Mainstream Credit Card Pushing: Motley Fool Edition

Often times I’ll peruse the web in search of content for a new blog post. Today I came across this article from the highly regarded investment website, The Motley Fool. In case you don’t feel like clicking over, they’ve decided to rank their top travel credit cards of 2017! Who knew The Motley Fool could offer investment advice, and also be an expert in the travel credit card space?! Unfortunately, the rankings are just another example of mainstream credit card pushing.

The Motley Fool Top Travel Cards!

I swear you couldn’t make this up if you tried. Before unveiling their top ranked cards, Motley Fool leads in with this gem:

There may be no better time for you to sign up for a new travel credit card than today.

Red-hot competition means travel credit card issuers are battling for your business by packing credit card offers with lucrative perks.

Hundreds of dollars’ worth of free airfare. No foreign and annual transaction fees. VIP access to airport lounges. The list of cardholder favorites and available credit cards is practically endless.

Which is why we’ve vetted the most popular cards on the market to guide you to what we think are the best travel cards available.

Wow, banks are fighting for my business, that’s great! VIP airport lounges, even better! And best of all, the kind team at The Motley Fool has vetted the most popular cards for us! How nice of them! Alright, I can hardly contain myself. Without further ado:

The Motley Fool’s top travel cards of 2017

  1. Chase Sapphire Preferred
  2. Bank of America Travel Rewards Credit Card
  3. Barclaycard Arrival Plus
  4. Capital One Venture Rewards
Top travel cards of 2017? No.

Wow. That’s it. Four cards, none of which I’d consider carrying in my wallet at the moment. Ironically, we recently wrote about how you should cancel the Chase Sapphire Preferred. Yet here is The Motley Fool, claiming it’s the best travel card of 2017! Give me a break. I won’t even get into the sad offering from Bank of America, or how the Barclaycard Arrival Plus is basically just a 2% cash back card.

Remember when the intro gushed about VIP access to airport lounges? Guess how many of their top cards grant access to lounges? You guessed it, zero. How could the Motley Fool be so out of touch? I’ve got a pretty good idea…

Warning! Credit Card Pushing

Sadly, The Motley Fool has an ulterior motive here. It’s called affiliate marketing, and they’ve completely sold out to try and earn an extra buck. The reason you don’t see any top travel cards on this list is because The Motley Fool likely isn’t getting referral fees for them. Serious lists of top travel cards should include cards like:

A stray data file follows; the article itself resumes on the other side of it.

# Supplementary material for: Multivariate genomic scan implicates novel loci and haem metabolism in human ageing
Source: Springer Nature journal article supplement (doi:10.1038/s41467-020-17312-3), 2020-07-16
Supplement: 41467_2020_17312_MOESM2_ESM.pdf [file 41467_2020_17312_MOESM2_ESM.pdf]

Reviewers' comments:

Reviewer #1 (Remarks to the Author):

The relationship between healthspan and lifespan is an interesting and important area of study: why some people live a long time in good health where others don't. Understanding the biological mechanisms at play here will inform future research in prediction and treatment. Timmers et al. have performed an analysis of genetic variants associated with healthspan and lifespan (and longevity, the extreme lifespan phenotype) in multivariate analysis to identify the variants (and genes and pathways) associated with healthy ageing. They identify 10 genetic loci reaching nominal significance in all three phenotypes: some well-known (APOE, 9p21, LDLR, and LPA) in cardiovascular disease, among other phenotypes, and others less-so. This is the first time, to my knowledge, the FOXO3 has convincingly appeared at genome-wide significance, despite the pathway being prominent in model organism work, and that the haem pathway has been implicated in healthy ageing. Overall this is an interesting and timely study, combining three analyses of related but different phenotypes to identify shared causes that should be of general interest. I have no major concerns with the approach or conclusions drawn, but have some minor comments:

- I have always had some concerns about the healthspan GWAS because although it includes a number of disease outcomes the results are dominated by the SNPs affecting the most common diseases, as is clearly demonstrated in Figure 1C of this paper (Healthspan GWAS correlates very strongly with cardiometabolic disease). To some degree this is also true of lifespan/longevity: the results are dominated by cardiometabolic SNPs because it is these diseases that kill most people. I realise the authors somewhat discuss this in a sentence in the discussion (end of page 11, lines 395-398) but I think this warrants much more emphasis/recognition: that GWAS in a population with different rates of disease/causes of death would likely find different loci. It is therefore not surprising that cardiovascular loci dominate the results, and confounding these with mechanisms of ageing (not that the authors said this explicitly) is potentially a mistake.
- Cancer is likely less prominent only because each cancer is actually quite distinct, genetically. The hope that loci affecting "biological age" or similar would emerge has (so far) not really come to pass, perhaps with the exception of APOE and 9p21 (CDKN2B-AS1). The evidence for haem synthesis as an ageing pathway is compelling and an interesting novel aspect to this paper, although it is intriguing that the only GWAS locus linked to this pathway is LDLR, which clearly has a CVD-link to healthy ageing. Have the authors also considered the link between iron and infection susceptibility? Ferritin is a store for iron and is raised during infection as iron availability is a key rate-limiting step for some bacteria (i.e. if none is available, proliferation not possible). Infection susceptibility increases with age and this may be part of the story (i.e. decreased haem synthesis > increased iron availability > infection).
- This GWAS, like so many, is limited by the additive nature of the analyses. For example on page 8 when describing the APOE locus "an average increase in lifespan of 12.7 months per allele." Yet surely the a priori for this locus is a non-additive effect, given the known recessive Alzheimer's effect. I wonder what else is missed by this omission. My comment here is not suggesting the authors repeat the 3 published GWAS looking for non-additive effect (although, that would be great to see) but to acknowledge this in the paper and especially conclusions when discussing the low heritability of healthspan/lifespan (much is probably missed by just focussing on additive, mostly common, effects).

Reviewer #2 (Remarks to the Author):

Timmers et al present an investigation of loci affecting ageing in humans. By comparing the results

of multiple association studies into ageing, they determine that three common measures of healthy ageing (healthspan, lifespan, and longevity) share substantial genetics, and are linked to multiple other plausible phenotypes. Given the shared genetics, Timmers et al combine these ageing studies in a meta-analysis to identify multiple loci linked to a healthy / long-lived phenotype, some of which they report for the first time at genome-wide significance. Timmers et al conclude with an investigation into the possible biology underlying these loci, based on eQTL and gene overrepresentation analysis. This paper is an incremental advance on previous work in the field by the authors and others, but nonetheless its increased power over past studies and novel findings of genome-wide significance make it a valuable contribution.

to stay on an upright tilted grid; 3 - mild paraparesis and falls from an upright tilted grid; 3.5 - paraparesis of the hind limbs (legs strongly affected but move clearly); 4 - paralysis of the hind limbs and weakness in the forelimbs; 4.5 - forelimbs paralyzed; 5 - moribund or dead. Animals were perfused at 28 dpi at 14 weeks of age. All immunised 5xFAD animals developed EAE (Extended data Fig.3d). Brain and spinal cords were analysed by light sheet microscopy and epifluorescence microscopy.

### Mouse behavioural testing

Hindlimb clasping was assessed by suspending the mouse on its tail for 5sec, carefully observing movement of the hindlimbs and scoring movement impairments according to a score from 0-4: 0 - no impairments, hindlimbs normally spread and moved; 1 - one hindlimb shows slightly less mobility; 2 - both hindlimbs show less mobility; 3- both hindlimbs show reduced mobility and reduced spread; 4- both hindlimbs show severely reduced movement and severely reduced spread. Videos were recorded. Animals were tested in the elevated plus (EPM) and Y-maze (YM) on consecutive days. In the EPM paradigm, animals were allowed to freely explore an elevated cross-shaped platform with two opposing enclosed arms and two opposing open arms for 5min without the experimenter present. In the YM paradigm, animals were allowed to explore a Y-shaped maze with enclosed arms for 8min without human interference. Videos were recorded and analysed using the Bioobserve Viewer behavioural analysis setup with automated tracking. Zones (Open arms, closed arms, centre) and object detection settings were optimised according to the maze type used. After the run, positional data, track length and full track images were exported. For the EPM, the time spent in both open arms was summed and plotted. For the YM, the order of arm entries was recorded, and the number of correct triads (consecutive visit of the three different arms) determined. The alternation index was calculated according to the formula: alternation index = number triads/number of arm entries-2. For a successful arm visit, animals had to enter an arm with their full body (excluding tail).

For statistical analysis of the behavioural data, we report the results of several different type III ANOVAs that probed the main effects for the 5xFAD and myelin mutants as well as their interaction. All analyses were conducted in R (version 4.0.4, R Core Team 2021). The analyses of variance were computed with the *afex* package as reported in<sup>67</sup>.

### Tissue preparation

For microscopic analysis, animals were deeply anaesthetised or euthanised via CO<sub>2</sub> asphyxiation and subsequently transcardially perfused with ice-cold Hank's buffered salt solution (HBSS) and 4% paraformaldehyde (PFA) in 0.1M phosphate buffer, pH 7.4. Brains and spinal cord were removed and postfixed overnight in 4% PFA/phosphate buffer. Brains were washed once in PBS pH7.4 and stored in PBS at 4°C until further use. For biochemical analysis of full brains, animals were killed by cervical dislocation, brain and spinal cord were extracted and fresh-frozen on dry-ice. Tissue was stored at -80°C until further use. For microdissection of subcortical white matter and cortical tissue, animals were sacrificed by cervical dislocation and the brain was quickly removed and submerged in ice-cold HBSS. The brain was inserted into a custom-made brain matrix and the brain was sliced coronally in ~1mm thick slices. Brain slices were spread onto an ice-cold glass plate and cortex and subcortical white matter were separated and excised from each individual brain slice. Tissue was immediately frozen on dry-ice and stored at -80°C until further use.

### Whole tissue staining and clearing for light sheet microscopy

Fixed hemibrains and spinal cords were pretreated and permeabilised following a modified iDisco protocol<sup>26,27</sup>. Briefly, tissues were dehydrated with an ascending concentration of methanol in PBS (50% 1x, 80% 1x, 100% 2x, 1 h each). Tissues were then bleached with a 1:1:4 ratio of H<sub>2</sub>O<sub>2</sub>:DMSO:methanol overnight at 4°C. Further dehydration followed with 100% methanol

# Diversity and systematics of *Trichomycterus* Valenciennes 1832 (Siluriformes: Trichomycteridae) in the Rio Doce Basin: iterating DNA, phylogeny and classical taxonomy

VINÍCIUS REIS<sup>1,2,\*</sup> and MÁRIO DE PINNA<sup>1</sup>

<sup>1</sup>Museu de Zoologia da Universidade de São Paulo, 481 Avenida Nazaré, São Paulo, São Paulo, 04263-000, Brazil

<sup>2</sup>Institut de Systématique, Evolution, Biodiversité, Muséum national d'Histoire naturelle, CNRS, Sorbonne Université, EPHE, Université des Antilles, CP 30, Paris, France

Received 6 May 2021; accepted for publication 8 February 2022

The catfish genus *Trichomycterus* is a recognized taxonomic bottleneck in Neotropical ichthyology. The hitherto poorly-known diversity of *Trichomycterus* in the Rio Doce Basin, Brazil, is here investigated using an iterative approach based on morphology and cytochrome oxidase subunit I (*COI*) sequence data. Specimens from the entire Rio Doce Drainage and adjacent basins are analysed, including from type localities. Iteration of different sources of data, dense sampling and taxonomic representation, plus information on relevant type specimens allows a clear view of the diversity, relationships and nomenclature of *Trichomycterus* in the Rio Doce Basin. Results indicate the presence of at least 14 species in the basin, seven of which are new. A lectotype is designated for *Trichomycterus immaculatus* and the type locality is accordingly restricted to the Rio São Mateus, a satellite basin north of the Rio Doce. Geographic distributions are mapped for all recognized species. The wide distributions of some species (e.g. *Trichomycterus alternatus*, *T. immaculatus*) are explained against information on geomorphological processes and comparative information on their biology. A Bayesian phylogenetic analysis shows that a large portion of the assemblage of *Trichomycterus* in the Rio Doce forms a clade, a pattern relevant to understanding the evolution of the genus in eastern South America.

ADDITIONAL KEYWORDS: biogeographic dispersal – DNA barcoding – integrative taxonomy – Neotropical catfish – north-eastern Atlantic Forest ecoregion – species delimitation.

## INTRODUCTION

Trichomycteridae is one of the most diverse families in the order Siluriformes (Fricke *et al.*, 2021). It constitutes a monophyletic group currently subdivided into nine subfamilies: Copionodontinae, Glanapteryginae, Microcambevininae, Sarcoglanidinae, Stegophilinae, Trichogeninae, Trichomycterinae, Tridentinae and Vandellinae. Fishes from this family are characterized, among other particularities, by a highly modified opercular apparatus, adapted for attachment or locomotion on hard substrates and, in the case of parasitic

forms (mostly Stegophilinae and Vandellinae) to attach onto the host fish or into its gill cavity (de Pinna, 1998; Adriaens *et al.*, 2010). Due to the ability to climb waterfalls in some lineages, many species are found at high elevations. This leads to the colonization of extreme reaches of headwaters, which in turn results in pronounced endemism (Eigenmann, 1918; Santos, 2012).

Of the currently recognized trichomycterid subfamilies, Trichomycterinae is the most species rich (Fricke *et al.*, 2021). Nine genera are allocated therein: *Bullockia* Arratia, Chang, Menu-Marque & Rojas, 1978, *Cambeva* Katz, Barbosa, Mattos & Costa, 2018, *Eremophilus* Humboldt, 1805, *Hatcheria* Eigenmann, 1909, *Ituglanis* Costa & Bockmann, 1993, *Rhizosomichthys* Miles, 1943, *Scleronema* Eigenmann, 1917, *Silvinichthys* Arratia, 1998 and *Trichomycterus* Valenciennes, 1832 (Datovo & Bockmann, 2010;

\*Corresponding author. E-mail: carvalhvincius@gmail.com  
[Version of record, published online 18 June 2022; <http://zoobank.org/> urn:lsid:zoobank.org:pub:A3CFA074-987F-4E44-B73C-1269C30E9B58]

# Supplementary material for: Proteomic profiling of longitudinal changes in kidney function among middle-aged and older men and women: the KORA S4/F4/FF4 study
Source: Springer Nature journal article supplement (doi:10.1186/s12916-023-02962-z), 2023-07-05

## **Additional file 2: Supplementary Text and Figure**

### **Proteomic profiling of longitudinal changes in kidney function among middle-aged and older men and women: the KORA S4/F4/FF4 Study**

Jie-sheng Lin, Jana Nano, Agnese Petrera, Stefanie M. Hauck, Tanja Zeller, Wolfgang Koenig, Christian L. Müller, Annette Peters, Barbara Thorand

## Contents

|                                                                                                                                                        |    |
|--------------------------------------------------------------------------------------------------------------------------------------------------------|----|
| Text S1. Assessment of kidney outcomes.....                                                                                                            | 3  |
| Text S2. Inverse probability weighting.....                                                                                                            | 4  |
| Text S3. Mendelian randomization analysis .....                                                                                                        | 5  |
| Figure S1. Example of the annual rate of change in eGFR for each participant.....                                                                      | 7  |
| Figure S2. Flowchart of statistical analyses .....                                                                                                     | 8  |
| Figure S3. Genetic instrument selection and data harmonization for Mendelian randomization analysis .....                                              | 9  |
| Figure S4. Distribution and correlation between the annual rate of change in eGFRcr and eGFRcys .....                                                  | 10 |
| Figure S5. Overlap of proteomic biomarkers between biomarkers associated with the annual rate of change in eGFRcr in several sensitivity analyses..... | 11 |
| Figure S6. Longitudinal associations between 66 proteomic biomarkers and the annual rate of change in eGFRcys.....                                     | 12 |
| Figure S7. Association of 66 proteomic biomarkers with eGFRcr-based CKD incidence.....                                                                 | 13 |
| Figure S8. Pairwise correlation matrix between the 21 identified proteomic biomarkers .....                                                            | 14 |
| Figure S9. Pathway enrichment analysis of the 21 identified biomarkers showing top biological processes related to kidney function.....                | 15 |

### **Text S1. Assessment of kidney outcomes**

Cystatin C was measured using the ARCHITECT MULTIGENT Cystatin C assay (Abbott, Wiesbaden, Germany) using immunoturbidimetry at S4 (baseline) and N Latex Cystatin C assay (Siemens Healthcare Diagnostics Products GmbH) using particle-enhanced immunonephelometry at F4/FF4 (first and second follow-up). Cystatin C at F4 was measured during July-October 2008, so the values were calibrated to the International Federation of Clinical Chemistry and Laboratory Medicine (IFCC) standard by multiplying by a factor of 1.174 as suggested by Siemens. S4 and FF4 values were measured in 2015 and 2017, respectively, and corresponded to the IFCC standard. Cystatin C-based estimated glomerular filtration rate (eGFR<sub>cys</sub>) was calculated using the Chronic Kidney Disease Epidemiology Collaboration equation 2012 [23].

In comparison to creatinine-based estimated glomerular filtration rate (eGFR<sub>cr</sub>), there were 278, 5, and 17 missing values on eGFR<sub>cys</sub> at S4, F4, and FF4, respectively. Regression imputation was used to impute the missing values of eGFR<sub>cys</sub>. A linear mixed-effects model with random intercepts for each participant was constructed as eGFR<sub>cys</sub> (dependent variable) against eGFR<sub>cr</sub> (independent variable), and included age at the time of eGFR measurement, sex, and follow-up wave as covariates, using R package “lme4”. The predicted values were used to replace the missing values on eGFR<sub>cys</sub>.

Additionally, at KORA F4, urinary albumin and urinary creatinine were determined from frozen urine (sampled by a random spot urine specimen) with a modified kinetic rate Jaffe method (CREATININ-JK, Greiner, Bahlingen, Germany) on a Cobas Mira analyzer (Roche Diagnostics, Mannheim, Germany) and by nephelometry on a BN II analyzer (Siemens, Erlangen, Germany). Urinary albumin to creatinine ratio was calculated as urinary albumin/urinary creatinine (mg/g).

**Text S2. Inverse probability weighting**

Advertiser Disclosure

You won’t see the top cards listed because The Motley Fool isn’t getting paid to promote them. Ironically, The Motley Fool does have an advertiser disclosure, and it reads like this:

Motley Fool Disclosure

I decided to jump over to the “ratings methodology” page in hopes that I might fully understand this madness. Maybe there was something I was missing. Interestingly, I found this note:

Note: Cardholders comparing our ratings to others may find ours to be different. Our ratings attempt to reflect the needs of the majority of U.S. credit card users, who use credit modestly and are seeking high-quality credit card solutions for their primary needs. Cardholders stretching their rewards via travel redemption tactics and those optimizing cash back across many niche cards and bonus spending categories may find our ratings differ from others for the same credit card offers.

So cardholders that would like to stretch their rewards via travel redemption might find The Motley Fool’s ratings differ from others. Well, isn’t this a supposed to be a list of top travel cards? Why would I not want to stretch rewards via travel redemption? Isn’t that the point of a travel card? It sounds like they’ve already been called out for this nonsense, and are now trying to justify their actions.

Bottom Line

The Motley Fool needs to stay in their lane. They might be a fantastic resource for investment advice, but their credit card rankings leave much to be desired. Identifying which travel cards will be the best for you first requires an analysis of your spending. Here’s a great place to start. As always, we’d be happy to answer any questions you have regarding the best cards for you, not the affiliates.

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2 thoughts on “Mainstream Credit Card Pushing: Motley Fool Edition

  1. Not sure if Chase Freedom should be up there when the Amex Platinum, Citibank Prestige, or Chase Ink Business Preferred is not even on it. Your list is better than the Motley Fool’s, but not quite much better.

    1. Hi Jess –

      Sorry I didn’t see this earlier, your comment went to spam!

      Anyway, I think you might have misread the post a little bit. I didn’t offer any sort of “Top Travel Cards” rankings like Motley Fool did. I threw some cards out there that I feel are more valuable than what Motley Fool ranked. The truth is, it’s difficult to author a definitive list because everybody spends money differently. Additionally, everyone has a different threshold as to how many cards they’d like to carry at once. I feel the Amex Platinum and Citi Prestige are rather redundant when paired with the Sapphire Reserve, but I’m sure a few cases could be made to carry both. Regarding the Ink card, sure it’s a great card and I carry it. However most people don’t own businesses, so I didn’t include that.

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